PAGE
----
I remember the expression on your face when a doctor told you that your long-promised knee joint implants were an impossible surgery. After the initial disappointment, you just picked up and went on with your life.
To every challenge, you responded with your priceless sense of humor and went on with your signature will.
I remember your visit to us in Texas in September 2001; a fateful time when we spent four days in front of the TV, witnessing, live, the horror of the World Trade Center attacks and the aftermath. That experience bonded us forever.
It was not enough for you to be just a Boy Scout. Rank by rank, you drove yourself higher to Eagle Scout, then Scoutmaster, because you loved it so. Your best and happiest times were at Scout camp.
Very little stopped you. I remember driving up to Onteora Scout Reservation to pick you up from Boy Scout camp because we received a call that you had fallen down ‘a small mountain’ and had broken your leg. Even on the ride home you were upbeat, and returned next year.
You have always been a good son, Chris; a good brother, a good uncle, and a good friend; a family member that can always be counted on. I will miss your caring, your sense of humor, and your calls to check in on me.
To me, you are not gone. To me, you are nearby, just out of sight, perhaps around the corner. I will not say goodbye or let you go.
I have loved you for 42 years, and I won’t stop now. You will live in my heart forever.
I only wish I had you for one more day.
Three months prior, in November of 2011, I came close to suddenly dying as Chris did. My repaired heart symbolizes to me a new life and a new beginning. For 42 years I was proud of my son Chris, as I am of all my children. In my new life I want to make Chris proud of me.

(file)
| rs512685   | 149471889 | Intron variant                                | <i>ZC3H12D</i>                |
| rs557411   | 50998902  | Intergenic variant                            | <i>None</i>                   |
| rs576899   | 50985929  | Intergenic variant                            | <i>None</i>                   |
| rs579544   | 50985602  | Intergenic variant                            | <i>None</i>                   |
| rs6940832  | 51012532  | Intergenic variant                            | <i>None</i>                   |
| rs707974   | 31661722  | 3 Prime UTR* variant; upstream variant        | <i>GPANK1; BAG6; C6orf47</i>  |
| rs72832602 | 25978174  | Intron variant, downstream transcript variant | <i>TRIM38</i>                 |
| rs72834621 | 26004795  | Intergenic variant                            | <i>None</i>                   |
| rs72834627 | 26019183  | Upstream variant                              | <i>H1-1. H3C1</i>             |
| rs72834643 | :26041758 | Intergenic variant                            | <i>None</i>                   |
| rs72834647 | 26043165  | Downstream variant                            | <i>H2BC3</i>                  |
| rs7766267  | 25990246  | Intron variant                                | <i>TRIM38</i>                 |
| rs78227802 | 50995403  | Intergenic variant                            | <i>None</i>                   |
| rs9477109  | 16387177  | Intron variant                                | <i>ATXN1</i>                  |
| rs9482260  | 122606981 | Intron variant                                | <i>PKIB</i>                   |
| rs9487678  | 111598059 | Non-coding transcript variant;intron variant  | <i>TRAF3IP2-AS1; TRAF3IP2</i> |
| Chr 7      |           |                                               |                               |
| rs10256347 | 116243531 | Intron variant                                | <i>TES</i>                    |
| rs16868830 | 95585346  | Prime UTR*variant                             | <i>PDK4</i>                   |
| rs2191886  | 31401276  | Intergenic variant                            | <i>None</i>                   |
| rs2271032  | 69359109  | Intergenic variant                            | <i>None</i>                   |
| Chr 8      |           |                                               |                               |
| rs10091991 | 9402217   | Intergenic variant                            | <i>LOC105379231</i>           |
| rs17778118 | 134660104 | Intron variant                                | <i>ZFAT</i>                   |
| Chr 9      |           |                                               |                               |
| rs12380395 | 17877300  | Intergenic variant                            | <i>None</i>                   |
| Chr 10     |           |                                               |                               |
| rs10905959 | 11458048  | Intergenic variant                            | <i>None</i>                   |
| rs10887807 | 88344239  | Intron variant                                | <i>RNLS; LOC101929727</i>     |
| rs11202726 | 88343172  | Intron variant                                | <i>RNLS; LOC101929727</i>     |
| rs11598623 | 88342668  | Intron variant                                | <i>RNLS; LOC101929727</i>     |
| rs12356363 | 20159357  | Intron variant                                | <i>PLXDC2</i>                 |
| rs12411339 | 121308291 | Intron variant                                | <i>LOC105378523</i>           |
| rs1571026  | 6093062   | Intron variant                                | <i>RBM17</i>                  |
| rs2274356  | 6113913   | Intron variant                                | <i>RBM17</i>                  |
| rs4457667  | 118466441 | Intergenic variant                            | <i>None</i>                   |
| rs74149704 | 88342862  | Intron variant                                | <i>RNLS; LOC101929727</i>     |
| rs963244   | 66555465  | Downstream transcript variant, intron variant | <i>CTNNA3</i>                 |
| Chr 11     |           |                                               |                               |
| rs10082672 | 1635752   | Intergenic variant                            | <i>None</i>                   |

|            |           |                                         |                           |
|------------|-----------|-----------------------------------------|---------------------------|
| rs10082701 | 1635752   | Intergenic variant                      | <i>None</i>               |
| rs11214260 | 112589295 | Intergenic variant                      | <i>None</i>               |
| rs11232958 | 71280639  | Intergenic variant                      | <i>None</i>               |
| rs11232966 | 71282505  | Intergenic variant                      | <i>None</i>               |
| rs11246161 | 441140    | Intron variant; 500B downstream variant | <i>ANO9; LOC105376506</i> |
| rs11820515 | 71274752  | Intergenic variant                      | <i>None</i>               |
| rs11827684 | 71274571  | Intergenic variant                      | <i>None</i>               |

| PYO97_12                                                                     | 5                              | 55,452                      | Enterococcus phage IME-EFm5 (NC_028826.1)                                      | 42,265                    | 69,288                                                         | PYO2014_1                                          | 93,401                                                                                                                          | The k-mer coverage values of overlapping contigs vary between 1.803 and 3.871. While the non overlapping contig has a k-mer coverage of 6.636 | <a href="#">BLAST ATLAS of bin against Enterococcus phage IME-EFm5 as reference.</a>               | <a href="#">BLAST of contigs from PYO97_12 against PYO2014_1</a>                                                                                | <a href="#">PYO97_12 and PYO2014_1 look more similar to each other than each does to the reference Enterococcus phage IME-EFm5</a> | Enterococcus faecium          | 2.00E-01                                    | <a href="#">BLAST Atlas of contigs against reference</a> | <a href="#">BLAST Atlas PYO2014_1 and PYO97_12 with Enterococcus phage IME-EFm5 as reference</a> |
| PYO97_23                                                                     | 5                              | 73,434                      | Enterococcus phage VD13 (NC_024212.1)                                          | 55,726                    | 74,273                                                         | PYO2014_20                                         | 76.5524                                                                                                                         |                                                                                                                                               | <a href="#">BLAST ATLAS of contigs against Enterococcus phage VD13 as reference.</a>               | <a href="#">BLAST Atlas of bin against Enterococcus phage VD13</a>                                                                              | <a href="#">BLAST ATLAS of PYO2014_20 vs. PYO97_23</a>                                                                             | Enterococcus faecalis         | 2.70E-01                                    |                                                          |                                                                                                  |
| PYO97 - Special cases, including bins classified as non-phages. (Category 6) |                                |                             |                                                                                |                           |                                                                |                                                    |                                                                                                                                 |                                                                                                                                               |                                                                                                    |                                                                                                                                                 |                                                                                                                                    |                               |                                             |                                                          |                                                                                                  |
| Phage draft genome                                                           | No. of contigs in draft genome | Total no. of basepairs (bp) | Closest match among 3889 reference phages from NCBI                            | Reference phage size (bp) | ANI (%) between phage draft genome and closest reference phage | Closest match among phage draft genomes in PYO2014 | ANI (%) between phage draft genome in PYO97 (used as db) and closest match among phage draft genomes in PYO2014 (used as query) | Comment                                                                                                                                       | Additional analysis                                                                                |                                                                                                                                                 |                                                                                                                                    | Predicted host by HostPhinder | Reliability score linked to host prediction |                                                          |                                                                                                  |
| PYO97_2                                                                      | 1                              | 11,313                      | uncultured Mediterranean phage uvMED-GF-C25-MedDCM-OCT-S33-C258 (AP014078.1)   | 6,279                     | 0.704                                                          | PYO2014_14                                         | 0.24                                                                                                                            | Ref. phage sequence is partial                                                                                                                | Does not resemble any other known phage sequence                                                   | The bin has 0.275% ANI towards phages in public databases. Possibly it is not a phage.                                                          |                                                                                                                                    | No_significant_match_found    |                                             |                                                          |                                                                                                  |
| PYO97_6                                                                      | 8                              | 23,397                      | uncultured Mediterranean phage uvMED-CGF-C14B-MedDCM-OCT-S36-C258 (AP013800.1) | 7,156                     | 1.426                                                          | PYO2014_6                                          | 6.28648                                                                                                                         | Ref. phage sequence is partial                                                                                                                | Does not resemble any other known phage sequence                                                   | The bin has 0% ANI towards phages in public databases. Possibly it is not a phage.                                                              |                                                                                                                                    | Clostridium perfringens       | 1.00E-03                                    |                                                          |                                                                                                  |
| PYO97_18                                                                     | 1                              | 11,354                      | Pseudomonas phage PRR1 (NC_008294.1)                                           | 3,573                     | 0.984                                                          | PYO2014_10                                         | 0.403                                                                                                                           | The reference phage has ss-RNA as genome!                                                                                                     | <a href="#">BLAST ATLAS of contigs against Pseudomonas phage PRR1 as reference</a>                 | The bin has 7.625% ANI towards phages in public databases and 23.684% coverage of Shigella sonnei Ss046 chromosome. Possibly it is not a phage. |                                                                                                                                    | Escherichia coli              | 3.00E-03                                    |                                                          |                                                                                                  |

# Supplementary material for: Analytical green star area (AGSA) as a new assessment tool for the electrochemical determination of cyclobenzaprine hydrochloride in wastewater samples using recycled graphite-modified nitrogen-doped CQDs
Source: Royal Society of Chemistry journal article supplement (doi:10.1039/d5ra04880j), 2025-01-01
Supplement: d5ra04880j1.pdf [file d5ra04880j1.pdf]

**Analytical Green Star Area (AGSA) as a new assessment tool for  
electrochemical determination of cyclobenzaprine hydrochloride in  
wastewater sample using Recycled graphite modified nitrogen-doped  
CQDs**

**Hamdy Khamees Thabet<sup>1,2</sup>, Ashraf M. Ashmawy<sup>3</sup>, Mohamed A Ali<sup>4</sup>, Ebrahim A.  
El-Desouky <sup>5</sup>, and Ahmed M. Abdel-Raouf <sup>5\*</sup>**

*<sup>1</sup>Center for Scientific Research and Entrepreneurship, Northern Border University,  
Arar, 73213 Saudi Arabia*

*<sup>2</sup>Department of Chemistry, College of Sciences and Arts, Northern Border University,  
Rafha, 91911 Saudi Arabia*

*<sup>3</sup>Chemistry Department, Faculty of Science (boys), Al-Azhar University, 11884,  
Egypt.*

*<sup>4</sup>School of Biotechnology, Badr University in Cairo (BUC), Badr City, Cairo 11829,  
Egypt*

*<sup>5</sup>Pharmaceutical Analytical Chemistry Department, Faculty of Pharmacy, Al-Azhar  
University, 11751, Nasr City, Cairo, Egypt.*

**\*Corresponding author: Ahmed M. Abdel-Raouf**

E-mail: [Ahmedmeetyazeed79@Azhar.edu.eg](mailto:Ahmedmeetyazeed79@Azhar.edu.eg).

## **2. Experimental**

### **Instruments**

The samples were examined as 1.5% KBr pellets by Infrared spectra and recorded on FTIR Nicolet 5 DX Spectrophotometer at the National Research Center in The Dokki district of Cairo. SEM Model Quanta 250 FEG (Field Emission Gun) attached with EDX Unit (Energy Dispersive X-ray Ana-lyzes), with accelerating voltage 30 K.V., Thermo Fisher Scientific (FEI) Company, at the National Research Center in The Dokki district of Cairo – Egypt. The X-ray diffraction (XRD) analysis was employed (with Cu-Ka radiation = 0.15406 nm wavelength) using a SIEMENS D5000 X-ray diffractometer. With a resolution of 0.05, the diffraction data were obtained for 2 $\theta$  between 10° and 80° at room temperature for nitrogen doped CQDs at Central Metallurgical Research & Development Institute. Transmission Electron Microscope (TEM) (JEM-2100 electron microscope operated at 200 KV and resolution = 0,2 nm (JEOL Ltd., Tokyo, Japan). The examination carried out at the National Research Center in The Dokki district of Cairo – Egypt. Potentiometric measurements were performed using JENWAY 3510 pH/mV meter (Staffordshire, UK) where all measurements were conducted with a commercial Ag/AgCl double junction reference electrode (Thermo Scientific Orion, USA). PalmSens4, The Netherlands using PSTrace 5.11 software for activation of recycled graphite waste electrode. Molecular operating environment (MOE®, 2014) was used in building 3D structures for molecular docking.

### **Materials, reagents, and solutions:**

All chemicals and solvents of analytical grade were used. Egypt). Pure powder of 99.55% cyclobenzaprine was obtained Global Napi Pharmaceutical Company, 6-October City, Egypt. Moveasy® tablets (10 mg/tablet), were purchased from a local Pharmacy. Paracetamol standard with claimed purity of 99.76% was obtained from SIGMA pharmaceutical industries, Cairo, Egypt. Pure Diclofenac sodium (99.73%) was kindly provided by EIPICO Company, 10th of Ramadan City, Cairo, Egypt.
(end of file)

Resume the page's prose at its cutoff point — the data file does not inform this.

Chris had nothing unresolved at the end of his life. He accomplished more than people thought he could; he was good to his family and friends and showed his love to us all; he passed quickly, without suffering, with his mother by his side; and he saw the NY Giants win the Super Bowl. He died happy. We should all be so lucky.
His troop will distribute his ashes over the Orchard lake at his beloved Onteora Scout Reservation during their next summer stay.
My favorite quote applies well to Chris:
“People may forget what you said or did, but they will always remember how you made them feel.”
Boy Scout Leader
A well-wisher and former Boy Scout leader posted this poem on Chris’ Facebook site:
The Scoutmaster by Edgar Guest
There isn’t any pay for you, you serve without reward, The boys who tramp the fields with you but little could afford. And yet your pay is richer far than those who toil for gold, For in a dozen different ways your service shall be told.
You’ll read it in the faces of a Troop of growing boys, You’ll read it in the pleasure of a dozen manly joys, And down the distant future you will surely read it then, Emblazoned thru the service of a band of loyal men.
Five years of willing labor and of brothering a Troop, Five years of trudging highways, with the Indian cry and whoop, Five years of campfires burning, not alone for pleasure’s sake, But the future generation which the boys are soon to make.
They have no gold to give you, but when age comes on to you They’ll give you back the splendid things you taught them how to do They’ll give you rich contentment and a thrill of honest pride And you’ll see the nation prosper, and you’ll all be satisfied.